October 9, 2014
The financial carnage caused by Wall Street's origination and sales of mortgage-backed securities is now legendary and still serves as the grist for the slowly grinding mills of litigation, regulation, and prosecution. As demonstrated in a recent FINRA arbitration brought against Wells Fargo Securities and Deutsche Bank Securities, those who feel that they were defrauded into such investments are still strapping on the gloves and climbing into the ring.
Case In Point
In a Financial Industry Regulatory Authority ("FINRA") Arbitration Statement of Claim filed in September 2013 and thereafter amended, Claimant Fernandez asserted breaches of contract and fiduciary duty; fraud; churning; and manipulation against Respondents Wells Fargo Securities, LLC and Deutsche Bank Securities, Inc. in connection with Respondents' alleged issuance (and re-issuance) of a mortgage-backed security ("MBS"). Claimant argued that he was an undisclosed third-party beneficiary in relation to the MBS at issue. Claimant Fernandez sought $32 Million in compensatory damages plus interest, and a further $78 Million in punitive damages. In the Matter of the FINRA Arbitration Between Nestor Fernandez, Claimant, vs. Wells Fargo Securities, LLC and Deutsche Bank Securities, Inc., Respondents (FINRA Arbitration 13-02741, September 26, 2014).
Respondents generally denied the allegations and asserted various affirmative defenses.
He's Nothing To Us
In April 2014, Respondent Wells Fargo filed (and Respondent Deutsche Bank adopted) a Motion to Dismiss asserting that Claimant Fernandez:
Accordingly, Respondents moved that the dispute was not arbitrable and should be dismissed under FINRA Rules 12200 and 12504.
- was not a customer;
- did not have an account with either Respondent;
- did not have a written agreement to arbitrate with Respondents; and
- had no dealings whatsoever with either Respondent.
FINRA Rule 12200. Arbitration Under an Arbitration Agreement or the Rules of FINRA
Parties must arbitrate a dispute under the Code if:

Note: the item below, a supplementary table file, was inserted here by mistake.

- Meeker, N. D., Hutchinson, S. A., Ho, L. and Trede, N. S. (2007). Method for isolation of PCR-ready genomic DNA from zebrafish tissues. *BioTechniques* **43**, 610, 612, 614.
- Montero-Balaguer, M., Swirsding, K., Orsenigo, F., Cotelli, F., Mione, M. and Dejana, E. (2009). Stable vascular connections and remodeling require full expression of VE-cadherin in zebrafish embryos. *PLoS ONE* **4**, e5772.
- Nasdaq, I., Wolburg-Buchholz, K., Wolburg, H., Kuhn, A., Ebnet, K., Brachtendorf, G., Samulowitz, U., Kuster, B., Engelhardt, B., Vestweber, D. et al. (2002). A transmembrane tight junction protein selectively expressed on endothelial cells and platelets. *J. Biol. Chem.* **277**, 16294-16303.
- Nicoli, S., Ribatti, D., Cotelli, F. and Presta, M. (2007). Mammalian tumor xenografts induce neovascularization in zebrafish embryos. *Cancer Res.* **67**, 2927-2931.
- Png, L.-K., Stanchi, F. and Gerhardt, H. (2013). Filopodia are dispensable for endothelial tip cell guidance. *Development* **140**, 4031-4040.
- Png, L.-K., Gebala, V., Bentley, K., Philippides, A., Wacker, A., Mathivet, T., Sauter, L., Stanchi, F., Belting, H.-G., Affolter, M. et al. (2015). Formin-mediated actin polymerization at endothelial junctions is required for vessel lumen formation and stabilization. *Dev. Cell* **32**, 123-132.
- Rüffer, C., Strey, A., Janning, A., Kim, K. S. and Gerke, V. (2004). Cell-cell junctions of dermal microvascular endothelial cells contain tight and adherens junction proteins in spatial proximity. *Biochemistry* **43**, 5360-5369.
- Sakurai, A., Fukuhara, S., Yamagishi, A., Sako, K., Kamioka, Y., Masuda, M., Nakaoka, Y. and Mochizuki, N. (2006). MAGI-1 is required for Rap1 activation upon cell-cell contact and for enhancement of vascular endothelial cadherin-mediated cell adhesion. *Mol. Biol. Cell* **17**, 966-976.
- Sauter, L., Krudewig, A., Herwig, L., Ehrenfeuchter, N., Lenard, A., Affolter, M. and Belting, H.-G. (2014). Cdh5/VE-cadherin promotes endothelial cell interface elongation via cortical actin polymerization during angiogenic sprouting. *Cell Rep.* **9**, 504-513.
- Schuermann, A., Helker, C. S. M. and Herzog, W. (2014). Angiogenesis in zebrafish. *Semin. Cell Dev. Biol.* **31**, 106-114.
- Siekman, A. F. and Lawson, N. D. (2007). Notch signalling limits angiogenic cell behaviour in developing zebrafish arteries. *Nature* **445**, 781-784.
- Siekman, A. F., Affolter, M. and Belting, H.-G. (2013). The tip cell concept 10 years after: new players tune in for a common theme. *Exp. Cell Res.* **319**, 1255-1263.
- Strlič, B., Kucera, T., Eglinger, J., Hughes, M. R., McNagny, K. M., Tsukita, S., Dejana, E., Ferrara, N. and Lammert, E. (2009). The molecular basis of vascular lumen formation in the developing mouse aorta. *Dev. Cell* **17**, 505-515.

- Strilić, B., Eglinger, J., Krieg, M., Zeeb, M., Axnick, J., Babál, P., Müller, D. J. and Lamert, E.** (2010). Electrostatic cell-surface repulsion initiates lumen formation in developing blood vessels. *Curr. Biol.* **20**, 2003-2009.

• Arbitration under the Code is either:
(1) Required by a written agreement, or
(2) Requested by the customer;
• The dispute is between a customer and a member or associated person of a member; and
• The dispute arises in connection with the business activities of the member or the associated person, except disputes involving the insurance business activities of a member that is also an insurance company.
In reply to Respondents' Motion to Dismiss, Claimant argued that he was an undisclosed third-party beneficiary to the investment contract at issue, and was therefore entitled to arbitrate his claims.
And The Winner Is . . .
Following oral argument, on September 11, 2014, the Panel granted the Motion to Dismiss on the following grounds:
[I]t is the Panel's opinion that there was no specific written agreement requiring arbitration and there was no specific evidence the Claimant was a customer of Respondents. Based on the foregoing. Respondents, as the moving parties, could not have been associated with an account that did not exist. . .
Accordingly, the FINRA Arbitration Panel dismissed with prejudice Claimant's claims. Alas, $110 Million in combined damages had such a nice ring to it.
Bill Singer's Comment
Given how expansive the definition of a "customer" is under FINRA's Arbitration Code, it will be interesting to see if Claimant appeals this decision. Moreover, the third-party-beneficiary argument is an edgy and interesting legal stratagem and may also serve as the basis for appeal.